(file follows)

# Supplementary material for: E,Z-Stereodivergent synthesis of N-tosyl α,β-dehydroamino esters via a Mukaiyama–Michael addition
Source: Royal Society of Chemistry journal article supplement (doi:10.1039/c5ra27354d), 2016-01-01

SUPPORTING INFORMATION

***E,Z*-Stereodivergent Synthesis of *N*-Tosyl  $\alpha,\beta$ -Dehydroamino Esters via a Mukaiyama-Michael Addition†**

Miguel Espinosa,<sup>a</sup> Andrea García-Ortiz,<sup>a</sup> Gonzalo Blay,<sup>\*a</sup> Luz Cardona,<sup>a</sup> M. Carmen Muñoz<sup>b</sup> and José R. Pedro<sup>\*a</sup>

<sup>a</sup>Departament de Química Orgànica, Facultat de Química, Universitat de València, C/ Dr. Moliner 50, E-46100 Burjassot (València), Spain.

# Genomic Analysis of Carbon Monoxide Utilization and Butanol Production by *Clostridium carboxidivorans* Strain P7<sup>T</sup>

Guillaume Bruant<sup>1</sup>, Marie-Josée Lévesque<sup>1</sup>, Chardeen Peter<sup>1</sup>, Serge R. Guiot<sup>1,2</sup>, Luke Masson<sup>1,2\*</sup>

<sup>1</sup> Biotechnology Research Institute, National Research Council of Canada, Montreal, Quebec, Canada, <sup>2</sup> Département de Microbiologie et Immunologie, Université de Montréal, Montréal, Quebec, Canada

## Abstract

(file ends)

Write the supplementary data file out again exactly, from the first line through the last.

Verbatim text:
# Supplementary material for: E,Z-Stereodivergent synthesis of N-tosyl α,β-dehydroamino esters via a Mukaiyama–Michael addition
Source: Royal Society of Chemistry journal article supplement (doi:10.1039/c5ra27354d), 2016-01-01

SUPPORTING INFORMATION

***E,Z*-Stereodivergent Synthesis of *N*-Tosyl  $\alpha,\beta$ -Dehydroamino Esters via a Mukaiyama-Michael Addition†**

Miguel Espinosa,<sup>a</sup> Andrea García-Ortiz,<sup>a</sup> Gonzalo Blay,<sup>\*a</sup> Luz Cardona,<sup>a</sup> M. Carmen Muñoz<sup>b</sup> and José R. Pedro<sup>\*a</sup>

<sup>a</sup>Departament de Química Orgànica, Facultat de Química, Universitat de València, C/ Dr. Moliner 50, E-46100 Burjassot (València), Spain.

# Genomic Analysis of Carbon Monoxide Utilization and Butanol Production by *Clostridium carboxidivorans* Strain P7<sup>T</sup>

Guillaume Bruant<sup>1</sup>, Marie-Josée Lévesque<sup>1</sup>, Chardeen Peter<sup>1</sup>, Serge R. Guiot<sup>1,2</sup>, Luke Masson<sup>1,2\*</sup>

<sup>1</sup> Biotechnology Research Institute, National Research Council of Canada, Montreal, Quebec, Canada, <sup>2</sup> Département de Microbiologie et Immunologie, Université de Montréal, Montréal, Quebec, Canada

## Abstract